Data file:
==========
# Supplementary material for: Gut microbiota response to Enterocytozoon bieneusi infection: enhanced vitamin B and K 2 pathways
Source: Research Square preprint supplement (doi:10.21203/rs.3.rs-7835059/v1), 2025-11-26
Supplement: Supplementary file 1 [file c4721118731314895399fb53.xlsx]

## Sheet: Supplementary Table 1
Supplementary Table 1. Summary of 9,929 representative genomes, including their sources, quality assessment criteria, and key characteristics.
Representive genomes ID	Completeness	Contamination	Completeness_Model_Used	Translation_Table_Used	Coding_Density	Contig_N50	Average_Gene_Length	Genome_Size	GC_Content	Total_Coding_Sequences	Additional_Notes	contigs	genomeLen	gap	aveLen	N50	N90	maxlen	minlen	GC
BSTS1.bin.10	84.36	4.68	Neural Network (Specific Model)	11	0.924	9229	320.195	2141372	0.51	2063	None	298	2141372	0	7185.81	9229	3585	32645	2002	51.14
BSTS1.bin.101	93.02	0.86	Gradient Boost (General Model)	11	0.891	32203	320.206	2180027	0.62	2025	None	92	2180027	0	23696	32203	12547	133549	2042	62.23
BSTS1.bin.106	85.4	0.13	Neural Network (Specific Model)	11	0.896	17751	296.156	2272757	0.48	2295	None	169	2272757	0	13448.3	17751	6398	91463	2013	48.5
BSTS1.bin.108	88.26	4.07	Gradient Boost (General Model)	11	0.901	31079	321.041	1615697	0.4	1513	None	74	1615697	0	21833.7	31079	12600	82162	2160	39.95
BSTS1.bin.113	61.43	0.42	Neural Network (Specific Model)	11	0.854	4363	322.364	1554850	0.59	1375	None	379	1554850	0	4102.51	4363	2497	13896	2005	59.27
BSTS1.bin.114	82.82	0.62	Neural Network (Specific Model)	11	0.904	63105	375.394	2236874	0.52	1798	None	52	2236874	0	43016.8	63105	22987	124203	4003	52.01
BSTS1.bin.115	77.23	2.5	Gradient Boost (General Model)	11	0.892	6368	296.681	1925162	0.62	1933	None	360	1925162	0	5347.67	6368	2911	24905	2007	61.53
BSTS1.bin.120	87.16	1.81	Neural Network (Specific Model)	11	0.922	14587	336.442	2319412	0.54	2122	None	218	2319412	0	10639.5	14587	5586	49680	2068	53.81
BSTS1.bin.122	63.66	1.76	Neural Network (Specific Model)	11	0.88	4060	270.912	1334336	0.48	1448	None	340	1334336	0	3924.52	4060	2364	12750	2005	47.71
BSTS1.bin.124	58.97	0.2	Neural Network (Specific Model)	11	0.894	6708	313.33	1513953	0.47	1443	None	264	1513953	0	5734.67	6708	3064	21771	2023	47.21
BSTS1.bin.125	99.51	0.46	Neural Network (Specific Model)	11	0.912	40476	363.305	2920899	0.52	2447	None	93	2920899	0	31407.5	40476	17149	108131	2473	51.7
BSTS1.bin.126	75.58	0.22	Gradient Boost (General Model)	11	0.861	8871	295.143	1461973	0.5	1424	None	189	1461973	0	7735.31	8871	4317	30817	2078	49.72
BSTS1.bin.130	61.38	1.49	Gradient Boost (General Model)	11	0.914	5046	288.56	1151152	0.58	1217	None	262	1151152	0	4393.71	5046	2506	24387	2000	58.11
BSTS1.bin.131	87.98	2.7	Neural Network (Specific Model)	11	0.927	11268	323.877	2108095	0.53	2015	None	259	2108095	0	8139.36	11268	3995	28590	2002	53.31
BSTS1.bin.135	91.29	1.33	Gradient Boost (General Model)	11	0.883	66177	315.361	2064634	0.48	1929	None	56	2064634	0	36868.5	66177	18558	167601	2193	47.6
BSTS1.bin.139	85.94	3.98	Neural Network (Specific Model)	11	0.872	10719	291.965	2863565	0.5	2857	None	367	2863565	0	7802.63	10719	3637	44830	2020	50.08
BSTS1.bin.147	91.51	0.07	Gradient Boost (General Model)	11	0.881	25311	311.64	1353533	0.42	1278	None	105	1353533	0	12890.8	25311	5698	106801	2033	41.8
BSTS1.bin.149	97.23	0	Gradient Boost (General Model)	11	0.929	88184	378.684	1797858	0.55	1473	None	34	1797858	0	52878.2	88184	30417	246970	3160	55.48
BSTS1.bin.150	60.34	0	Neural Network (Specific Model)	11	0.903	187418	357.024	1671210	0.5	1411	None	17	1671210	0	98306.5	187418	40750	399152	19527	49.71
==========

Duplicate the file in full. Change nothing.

# Supplementary material for: Gut microbiota response to Enterocytozoon bieneusi infection: enhanced vitamin B and K 2 pathways
Source: Research Square preprint supplement (doi:10.21203/rs.3.rs-7835059/v1), 2025-11-26
Supplement: Supplementary file 1 [file c4721118731314895399fb53.xlsx]

## Sheet: Supplementary Table 1
Supplementary Table 1. Summary of 9,929 representative genomes, including their sources, quality assessment criteria, and key characteristics.
Representive genomes ID	Completeness	Contamination	Completeness_Model_Used	Translation_Table_Used	Coding_Density	Contig_N50	Average_Gene_Length	Genome_Size	GC_Content	Total_Coding_Sequences	Additional_Notes	contigs	genomeLen	gap	aveLen	N50	N90	maxlen	minlen	GC
BSTS1.bin.10	84.36	4.68	Neural Network (Specific Model)	11	0.924	9229	320.195	2141372	0.51	2063	None	298	2141372	0	7185.81	9229	3585	32645	2002	51.14
BSTS1.bin.101	93.02	0.86	Gradient Boost (General Model)	11	0.891	32203	320.206	2180027	0.62	2025	None	92	2180027	0	23696	32203	12547	133549	2042	62.23
BSTS1.bin.106	85.4	0.13	Neural Network (Specific Model)	11	0.896	17751	296.156	2272757	0.48	2295	None	169	2272757	0	13448.3	17751	6398	91463	2013	48.5
BSTS1.bin.108	88.26	4.07	Gradient Boost (General Model)	11	0.901	31079	321.041	1615697	0.4	1513	None	74	1615697	0	21833.7	31079	12600	82162	2160	39.95
BSTS1.bin.113	61.43	0.42	Neural Network (Specific Model)	11	0.854	4363	322.364	1554850	0.59	1375	None	379	1554850	0	4102.51	4363	2497	13896	2005	59.27
BSTS1.bin.114	82.82	0.62	Neural Network (Specific Model)	11	0.904	63105	375.394	2236874	0.52	1798	None	52	2236874	0	43016.8	63105	22987	124203	4003	52.01
BSTS1.bin.115	77.23	2.5	Gradient Boost (General Model)	11	0.892	6368	296.681	1925162	0.62	1933	None	360	1925162	0	5347.67	6368	2911	24905	2007	61.53
BSTS1.bin.120	87.16	1.81	Neural Network (Specific Model)	11	0.922	14587	336.442	2319412	0.54	2122	None	218	2319412	0	10639.5	14587	5586	49680	2068	53.81
BSTS1.bin.122	63.66	1.76	Neural Network (Specific Model)	11	0.88	4060	270.912	1334336	0.48	1448	None	340	1334336	0	3924.52	4060	2364	12750	2005	47.71
BSTS1.bin.124	58.97	0.2	Neural Network (Specific Model)	11	0.894	6708	313.33	1513953	0.47	1443	None	264	1513953	0	5734.67	6708	3064	21771	2023	47.21
BSTS1.bin.125	99.51	0.46	Neural Network (Specific Model)	11	0.912	40476	363.305	2920899	0.52	2447	None	93	2920899	0	31407.5	40476	17149	108131	2473	51.7
BSTS1.bin.126	75.58	0.22	Gradient Boost (General Model)	11	0.861	8871	295.143	1461973	0.5	1424	None	189	1461973	0	7735.31	8871	4317	30817	2078	49.72
BSTS1.bin.130	61.38	1.49	Gradient Boost (General Model)	11	0.914	5046	288.56	1151152	0.58	1217	None	262	1151152	0	4393.71	5046	2506	24387	2000	58.11
BSTS1.bin.131	87.98	2.7	Neural Network (Specific Model)	11	0.927	11268	323.877	2108095	0.53	2015	None	259	2108095	0	8139.36	11268	3995	28590	2002	53.31
BSTS1.bin.135	91.29	1.33	Gradient Boost (General Model)	11	0.883	66177	315.361	2064634	0.48	1929	None	56	2064634	0	36868.5	66177	18558	167601	2193	47.6
BSTS1.bin.139	85.94	3.98	Neural Network (Specific Model)	11	0.872	10719	291.965	2863565	0.5	2857	None	367	2863565	0	7802.63	10719	3637	44830	2020	50.08
BSTS1.bin.147	91.51	0.07	Gradient Boost (General Model)	11	0.881	25311	311.64	1353533	0.42	1278	None	105	1353533	0	12890.8	25311	5698	106801	2033	41.8
BSTS1.bin.149	97.23	0	Gradient Boost (General Model)	11	0.929	88184	378.684	1797858	0.55	1473	None	34	1797858	0	52878.2	88184	30417	246970	3160	55.48
BSTS1.bin.150	60.34	0	Neural Network (Specific Model)	11	0.903	187418	357.024	1671210	0.5	1411	None	17	1671210	0	98306.5	187418	40750	399152	19527	49.71